In light of the small- and medium-size enterprises coming online for the first time during the pandemic, many are now “ready to scale (up) from the deliveries online platform”, he added. 



With rising costs of living, Grab is also looking for ways to ensure their platform workers have enough for their retirement, noted Mr Yee. 

In April, Senior Minister of State for Manpower Koh Poh Koon raised the issue of mandatory Central Provident Fund (CPF) contributions for platform workers in Parliament. 

The Advisory Committee on Platform Workers actively engaged stakeholders through dialogues as well as a public consultation paper, reaching out to more than 20,000 platform workers and receiving about 1,200 submissions from them. 

“More than half of these submissions touched on CPF contributions, and of which, 55 per cent indicated support for the idea of mandatory CPF contributions to platform workers. Housing was the most commonly cited reason for wanting CPF contributions, followed by retirement,” Dr Koh had said. 

“This is not surprising, as platform workers today only make CPF contributions to their Medisave accounts for their healthcare needs.”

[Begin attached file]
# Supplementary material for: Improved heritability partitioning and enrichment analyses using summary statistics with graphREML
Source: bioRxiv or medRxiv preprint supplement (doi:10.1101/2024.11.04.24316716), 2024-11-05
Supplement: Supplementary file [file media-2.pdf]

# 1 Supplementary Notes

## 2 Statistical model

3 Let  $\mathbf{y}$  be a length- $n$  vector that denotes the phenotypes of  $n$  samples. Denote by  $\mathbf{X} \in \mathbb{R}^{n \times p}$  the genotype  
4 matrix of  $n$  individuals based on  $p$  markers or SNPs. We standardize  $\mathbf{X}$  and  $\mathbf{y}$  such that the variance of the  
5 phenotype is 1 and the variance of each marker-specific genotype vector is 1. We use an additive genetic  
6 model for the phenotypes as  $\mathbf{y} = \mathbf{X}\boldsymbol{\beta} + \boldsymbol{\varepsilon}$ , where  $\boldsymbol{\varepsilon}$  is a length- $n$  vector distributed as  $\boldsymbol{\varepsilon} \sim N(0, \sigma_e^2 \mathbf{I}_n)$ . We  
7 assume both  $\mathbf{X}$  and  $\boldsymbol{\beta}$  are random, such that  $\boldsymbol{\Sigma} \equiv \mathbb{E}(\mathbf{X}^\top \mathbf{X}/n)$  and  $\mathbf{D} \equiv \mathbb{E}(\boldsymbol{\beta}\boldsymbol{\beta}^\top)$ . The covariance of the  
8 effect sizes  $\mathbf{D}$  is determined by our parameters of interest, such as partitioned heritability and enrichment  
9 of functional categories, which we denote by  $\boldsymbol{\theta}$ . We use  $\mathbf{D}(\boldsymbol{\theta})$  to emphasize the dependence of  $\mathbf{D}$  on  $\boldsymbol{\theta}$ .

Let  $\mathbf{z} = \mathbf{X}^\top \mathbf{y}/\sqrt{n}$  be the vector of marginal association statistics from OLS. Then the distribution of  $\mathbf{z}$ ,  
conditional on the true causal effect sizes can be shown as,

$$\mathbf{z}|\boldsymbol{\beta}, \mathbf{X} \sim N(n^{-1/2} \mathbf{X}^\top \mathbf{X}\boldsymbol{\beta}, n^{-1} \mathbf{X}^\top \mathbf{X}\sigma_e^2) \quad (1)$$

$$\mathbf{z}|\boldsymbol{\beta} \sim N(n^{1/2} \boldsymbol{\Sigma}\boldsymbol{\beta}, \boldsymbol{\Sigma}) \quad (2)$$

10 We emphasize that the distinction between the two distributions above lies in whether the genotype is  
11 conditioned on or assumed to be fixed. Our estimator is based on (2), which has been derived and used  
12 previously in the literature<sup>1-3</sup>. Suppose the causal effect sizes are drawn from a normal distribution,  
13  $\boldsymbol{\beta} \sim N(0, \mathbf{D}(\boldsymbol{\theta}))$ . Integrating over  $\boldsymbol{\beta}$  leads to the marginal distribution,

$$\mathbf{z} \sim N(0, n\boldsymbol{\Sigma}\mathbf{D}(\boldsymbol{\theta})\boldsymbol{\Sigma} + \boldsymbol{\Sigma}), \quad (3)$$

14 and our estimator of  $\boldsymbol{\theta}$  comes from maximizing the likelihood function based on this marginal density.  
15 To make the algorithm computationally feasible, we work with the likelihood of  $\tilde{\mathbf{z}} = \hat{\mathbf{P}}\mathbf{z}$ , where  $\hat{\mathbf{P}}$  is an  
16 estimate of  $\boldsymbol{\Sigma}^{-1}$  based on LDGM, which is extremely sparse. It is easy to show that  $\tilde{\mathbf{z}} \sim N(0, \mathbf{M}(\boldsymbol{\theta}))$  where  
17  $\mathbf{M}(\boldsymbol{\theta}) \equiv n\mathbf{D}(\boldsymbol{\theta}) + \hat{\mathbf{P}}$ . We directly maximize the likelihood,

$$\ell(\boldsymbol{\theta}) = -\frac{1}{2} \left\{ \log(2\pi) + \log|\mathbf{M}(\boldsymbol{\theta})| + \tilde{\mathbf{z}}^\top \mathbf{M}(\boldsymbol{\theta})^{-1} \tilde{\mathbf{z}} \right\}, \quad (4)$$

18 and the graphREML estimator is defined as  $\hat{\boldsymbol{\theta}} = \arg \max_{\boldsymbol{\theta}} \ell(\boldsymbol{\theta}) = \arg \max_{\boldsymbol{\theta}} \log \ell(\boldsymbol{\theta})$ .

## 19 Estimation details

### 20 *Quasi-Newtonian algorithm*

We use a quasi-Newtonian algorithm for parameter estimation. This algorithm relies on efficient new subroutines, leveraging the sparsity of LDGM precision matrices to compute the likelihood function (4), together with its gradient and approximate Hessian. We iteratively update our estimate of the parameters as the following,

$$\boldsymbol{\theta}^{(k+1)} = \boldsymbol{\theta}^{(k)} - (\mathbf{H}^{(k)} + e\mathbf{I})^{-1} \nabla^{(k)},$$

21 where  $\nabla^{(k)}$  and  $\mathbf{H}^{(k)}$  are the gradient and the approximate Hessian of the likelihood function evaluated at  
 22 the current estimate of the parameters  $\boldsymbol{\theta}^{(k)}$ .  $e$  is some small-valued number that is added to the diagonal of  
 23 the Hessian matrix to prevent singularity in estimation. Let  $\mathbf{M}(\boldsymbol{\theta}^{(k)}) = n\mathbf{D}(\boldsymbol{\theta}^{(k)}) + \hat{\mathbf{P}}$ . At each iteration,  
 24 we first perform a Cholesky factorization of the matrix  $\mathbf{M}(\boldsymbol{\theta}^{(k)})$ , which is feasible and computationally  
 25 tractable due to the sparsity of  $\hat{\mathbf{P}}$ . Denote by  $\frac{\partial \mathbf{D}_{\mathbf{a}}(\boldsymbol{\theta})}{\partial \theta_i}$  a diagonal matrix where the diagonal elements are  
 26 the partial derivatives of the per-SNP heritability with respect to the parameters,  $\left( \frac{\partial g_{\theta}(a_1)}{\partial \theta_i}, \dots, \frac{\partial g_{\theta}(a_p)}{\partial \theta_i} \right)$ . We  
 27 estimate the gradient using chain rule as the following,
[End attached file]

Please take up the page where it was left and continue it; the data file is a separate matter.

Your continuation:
Mr Yee pointed out that Grab’s concern is to ensure many of their platform workers have savings when they retire, so they are “supportive of the Government's review to look at this holistically”. 

“What we ask for is basically two things: One is that whatever changes we need to do, which will likely increase costs, you can spread out (the change) as much as possible,” he said. 

“A lot of these costs will likely be passed on to the consumer. What we don't want is that as we pass on these costs to consumers, the demand drops and our partners will suffer from it.”

The second thing the company hopes for is that “whatever Grab has to do, it should be fair to the rest of the industry, and it should be applied to all”, he added.

At the same time, Mr Yee understands that workers might feel the need to rush to fulfil orders to meet targets or gain incentives. The safety of food delivery riders was highlighted in Parliament in July by Dr Koh, who revealed that five food delivery riders died on the job in the past 18 months. 

But Mr Yee reiterated that safety is a “core belief” of the company. “Every accident, even one fatality, is one too many,” he said.